Boy the Cowboy


January 5, 2017

EssayIssue 22: January/February 2017

It’s 1959. Americans rush to the movie theater to watch Marilyn Monroe. Elvis Presley sings on the radio. Hawaii is about to be admitted to the United States; Fidel Castro will take power in Cuba. Life goes on in Mexico with Adolfo Lopez Mateos as the new president, and in Nogales, Sonora, there is a little restaurant called The Sonora Sinaloa.

A cowboy sits at his usual corner table, where he sits every time he’s on business at the border. The waitress asks for his order; he asks for a recommendation.

“Que tal unos chiles en nogada?” The señorita comes back to his table and places the white and indigo talavera plate holding a dark chile poblano smothered in a creamy sauce. It looks like a snow-capped little mountain, decorated with chopped parsley and tiny red seeds that remind the cowboy of Christmas. Velvety to the touch, it is sweet, sour, and spicy. There must be nutmeg, cinnamon, pepper. The cowboy senses all that richness, a complication of flavors. He signals for the waitress to come to his table.

“Is there a problem sir?”

“Who’s dun’ it?” He points to the clean plate.

Josefa is in the kitchen. She’s been up since the sky turned gray, even before the roosters announce to the sun that it is time to rise. She’s toasted the coffee beans, seasoned the pork to be milled for fresh chorizo, roasted the chiles, and gone to the mercado to order the produce.


Josefa walks out of the kitchen, approaches the cowboy’s table. ¿Todo bien, señor?” Everything all right? She wipes her hands on her apron.

“Boyd’s the name. You can call me Boyd.”

El boy? El boy como cauboi?”

No se dice boy! Se dice, Boyd! B.O.Y.D. I have a ranch north of Tucson. I tend the cattle and my land. I have acres and acres of Sonoran Desert, a stream runnin’ by, lotta work to do, lotta cowboys to feed, and my wife could use all the help she can get. I’ve been coming here a while and I need to hire a good cook like yerself.”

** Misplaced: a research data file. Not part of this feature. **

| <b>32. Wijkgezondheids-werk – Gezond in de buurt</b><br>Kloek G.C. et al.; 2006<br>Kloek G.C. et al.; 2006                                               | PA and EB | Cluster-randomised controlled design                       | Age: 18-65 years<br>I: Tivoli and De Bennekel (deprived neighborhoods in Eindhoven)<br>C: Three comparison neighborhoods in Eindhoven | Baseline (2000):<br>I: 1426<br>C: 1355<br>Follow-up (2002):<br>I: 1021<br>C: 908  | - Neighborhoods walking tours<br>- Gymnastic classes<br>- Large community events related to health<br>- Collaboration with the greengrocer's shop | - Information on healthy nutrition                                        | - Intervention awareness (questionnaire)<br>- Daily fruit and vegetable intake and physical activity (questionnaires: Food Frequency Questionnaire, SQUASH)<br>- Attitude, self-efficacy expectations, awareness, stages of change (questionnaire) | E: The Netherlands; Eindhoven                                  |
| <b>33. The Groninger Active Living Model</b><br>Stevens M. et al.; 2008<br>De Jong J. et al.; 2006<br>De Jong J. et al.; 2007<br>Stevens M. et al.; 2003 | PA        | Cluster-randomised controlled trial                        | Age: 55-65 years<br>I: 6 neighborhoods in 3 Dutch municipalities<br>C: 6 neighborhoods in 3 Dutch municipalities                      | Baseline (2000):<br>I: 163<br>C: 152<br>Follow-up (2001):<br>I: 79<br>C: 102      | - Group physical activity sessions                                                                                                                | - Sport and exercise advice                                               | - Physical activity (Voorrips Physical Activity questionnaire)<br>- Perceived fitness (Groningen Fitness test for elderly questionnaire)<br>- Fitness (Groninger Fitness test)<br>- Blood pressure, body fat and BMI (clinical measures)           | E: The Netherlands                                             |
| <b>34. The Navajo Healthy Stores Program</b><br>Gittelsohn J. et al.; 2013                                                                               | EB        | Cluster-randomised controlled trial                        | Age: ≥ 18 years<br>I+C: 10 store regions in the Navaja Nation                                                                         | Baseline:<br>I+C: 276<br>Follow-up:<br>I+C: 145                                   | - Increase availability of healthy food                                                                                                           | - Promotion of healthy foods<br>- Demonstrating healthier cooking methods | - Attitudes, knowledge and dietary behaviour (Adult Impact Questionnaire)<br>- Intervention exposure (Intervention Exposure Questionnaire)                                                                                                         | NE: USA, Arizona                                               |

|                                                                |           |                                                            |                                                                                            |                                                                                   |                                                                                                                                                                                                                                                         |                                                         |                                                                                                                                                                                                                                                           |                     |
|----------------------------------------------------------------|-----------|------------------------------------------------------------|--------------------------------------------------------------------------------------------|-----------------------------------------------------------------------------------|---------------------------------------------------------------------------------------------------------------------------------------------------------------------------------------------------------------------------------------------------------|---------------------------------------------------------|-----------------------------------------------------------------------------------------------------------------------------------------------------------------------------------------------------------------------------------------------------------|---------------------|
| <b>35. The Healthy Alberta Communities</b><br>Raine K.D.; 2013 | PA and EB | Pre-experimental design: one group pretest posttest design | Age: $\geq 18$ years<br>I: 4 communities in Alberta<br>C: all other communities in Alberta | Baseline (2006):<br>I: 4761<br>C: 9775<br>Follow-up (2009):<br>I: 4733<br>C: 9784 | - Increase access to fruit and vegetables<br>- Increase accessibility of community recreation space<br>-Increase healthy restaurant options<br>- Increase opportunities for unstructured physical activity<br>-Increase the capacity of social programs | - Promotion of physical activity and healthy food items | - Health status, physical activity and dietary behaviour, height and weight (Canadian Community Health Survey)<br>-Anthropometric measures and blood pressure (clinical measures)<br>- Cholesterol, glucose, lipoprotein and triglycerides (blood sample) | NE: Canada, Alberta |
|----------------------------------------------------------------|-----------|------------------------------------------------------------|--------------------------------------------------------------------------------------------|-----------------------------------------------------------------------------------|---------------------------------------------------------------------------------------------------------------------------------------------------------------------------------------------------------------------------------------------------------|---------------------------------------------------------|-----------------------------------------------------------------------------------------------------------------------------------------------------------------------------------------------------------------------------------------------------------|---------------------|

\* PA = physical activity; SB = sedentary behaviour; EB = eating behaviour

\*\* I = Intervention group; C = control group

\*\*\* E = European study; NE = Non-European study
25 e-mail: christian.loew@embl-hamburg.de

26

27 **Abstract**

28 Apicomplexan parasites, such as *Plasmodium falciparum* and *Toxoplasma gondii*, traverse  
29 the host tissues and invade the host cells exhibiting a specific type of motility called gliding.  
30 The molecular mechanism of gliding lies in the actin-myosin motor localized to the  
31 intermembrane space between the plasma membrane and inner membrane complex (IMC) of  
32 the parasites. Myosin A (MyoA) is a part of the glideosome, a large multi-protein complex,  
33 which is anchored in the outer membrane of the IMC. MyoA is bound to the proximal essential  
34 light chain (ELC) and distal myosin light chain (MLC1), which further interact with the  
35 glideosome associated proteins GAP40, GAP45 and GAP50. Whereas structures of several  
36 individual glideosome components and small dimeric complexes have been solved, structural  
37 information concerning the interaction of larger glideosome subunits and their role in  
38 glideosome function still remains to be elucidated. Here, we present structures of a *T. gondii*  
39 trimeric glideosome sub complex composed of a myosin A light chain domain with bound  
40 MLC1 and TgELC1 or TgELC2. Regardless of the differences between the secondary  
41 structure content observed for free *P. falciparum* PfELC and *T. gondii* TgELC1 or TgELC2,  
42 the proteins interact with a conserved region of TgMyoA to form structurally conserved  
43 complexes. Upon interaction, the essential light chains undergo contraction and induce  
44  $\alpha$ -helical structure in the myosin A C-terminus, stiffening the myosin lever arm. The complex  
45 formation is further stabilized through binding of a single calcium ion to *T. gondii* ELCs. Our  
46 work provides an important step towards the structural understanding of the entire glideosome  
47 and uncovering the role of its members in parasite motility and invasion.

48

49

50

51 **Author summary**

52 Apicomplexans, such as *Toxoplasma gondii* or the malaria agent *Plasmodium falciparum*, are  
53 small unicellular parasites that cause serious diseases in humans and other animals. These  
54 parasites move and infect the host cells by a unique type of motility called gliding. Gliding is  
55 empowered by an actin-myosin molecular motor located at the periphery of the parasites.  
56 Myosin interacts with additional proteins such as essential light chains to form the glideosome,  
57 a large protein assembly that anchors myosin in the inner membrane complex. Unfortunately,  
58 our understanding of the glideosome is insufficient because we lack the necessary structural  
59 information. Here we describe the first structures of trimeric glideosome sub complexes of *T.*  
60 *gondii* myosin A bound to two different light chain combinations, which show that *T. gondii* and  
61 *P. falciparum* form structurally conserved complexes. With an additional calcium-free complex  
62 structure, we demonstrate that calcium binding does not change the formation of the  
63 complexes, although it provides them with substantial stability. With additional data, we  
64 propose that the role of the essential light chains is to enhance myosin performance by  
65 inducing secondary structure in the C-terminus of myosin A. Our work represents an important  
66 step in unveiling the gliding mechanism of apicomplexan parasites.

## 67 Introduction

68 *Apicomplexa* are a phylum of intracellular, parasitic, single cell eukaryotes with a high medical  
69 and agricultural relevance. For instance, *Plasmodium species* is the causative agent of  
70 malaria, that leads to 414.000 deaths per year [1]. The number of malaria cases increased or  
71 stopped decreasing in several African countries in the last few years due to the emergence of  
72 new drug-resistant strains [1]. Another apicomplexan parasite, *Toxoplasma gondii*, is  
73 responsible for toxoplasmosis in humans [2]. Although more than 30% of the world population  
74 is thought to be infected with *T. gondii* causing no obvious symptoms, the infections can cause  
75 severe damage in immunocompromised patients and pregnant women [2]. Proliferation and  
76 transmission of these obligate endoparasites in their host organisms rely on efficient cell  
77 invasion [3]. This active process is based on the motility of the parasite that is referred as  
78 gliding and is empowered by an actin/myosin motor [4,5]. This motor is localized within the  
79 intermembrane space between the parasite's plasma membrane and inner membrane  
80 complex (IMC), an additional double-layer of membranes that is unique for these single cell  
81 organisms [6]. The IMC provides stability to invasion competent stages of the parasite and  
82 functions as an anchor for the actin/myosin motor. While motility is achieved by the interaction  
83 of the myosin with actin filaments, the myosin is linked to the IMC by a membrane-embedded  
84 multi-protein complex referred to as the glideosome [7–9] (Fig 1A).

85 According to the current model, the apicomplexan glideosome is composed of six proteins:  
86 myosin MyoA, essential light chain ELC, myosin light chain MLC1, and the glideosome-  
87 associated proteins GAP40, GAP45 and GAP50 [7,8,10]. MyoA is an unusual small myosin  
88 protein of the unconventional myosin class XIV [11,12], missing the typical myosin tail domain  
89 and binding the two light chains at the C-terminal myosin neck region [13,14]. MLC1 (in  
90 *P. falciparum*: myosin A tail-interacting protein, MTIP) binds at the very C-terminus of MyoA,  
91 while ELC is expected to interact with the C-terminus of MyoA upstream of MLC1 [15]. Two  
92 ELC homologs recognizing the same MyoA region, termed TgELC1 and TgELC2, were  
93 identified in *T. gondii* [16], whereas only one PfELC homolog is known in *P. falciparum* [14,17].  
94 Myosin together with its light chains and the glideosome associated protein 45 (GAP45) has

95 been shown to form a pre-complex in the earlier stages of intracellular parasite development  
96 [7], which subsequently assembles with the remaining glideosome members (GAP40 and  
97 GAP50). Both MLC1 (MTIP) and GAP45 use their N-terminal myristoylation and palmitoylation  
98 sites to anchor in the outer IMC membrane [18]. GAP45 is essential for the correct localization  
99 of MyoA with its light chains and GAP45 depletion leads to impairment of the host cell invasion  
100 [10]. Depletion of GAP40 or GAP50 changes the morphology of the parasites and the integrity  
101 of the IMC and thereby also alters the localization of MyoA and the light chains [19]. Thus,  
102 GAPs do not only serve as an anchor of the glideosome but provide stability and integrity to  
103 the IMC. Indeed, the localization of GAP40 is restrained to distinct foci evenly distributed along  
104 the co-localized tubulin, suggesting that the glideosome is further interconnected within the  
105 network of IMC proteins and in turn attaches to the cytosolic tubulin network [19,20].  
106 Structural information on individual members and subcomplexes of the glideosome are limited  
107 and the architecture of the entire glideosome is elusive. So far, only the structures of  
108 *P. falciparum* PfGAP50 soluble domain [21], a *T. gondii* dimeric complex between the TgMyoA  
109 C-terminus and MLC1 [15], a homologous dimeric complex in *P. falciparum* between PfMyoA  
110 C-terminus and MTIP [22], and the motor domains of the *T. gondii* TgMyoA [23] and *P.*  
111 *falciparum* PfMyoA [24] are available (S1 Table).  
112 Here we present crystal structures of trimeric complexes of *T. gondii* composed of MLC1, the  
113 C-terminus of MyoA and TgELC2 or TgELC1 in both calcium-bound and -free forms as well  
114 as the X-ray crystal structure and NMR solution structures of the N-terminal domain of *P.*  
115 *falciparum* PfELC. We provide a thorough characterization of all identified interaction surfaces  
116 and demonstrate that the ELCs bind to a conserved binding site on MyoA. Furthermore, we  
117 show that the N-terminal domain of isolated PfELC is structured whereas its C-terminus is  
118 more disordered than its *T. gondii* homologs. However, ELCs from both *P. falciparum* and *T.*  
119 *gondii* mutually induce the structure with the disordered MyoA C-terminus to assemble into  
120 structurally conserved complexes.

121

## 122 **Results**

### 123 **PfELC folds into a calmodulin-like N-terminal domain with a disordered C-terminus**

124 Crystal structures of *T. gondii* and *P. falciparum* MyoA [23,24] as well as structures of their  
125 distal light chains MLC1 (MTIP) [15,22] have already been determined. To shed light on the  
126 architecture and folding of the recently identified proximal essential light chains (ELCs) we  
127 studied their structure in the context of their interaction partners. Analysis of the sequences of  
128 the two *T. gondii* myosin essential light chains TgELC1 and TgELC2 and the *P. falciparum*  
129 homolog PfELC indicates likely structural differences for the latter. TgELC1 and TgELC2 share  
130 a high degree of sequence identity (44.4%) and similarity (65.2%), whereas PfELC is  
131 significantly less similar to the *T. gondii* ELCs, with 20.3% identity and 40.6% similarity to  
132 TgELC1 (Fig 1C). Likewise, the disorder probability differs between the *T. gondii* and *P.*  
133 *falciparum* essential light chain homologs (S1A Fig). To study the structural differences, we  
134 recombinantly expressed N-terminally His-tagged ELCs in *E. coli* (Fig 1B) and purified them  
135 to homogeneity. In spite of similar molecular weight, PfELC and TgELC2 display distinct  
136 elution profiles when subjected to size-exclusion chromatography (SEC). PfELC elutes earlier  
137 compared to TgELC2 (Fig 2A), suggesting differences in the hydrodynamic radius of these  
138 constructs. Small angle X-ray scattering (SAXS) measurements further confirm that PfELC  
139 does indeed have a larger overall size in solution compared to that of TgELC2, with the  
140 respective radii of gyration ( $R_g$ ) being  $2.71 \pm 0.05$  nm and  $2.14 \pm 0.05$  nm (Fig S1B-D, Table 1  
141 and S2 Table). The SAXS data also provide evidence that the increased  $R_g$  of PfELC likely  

Un rancho?” asks Josefa.

For a moment, Josefa remembers her family’s ranch down in Navolato, Sinaloa—the ranch that was taken away by the government, a consequence of the land reforms of the Mexican Revolution. It was her father’s land and she knew how to work it. She used to run through those cornfields; used to long for the mango trees to be in season, to eat their fruit with sticky hands and a drippy chin.

Josefa does not speak English but she’s quick and understands that the offer is about working at a ranch for the family. She says, “No tengo papeles, Boy. ¡Solo tengo mi pasaporte!

No problemo! I’ll get yer papers for ’ya!”

No se dice ‘no problemo’, se dice ‘no hay problema,’” she jokes back.

Josefa will leave her young daughter in care of a relative. She asks herself if she’s risking too much. What if this vaquero has other intentions? Will her daughter resent this? Will she belong in this new place?

A few weeks later, in 1959, Mr. Boyd and Josefa are at the Nogales Port of Entry. There’s a portrait of President Eisenhower on the wall. Josefa is holding a small suitcase. She hands over her Mexican passport.

“American citizen,” says the cowboy. The officer jots something on a ledger and says, “Welcome back.” Boyd the cowboy tips his hat.

“Gracias,” says Josefa, and she enters the country as if entering her neighbor’s house.

At Boyd’s ranch, Josefa faces a long table that stretches under a covered pavilion. The table is full of hungry cowboys. She places plates heaped high with pancakes at strategic points and gestures the cowboys to begin their breakfast.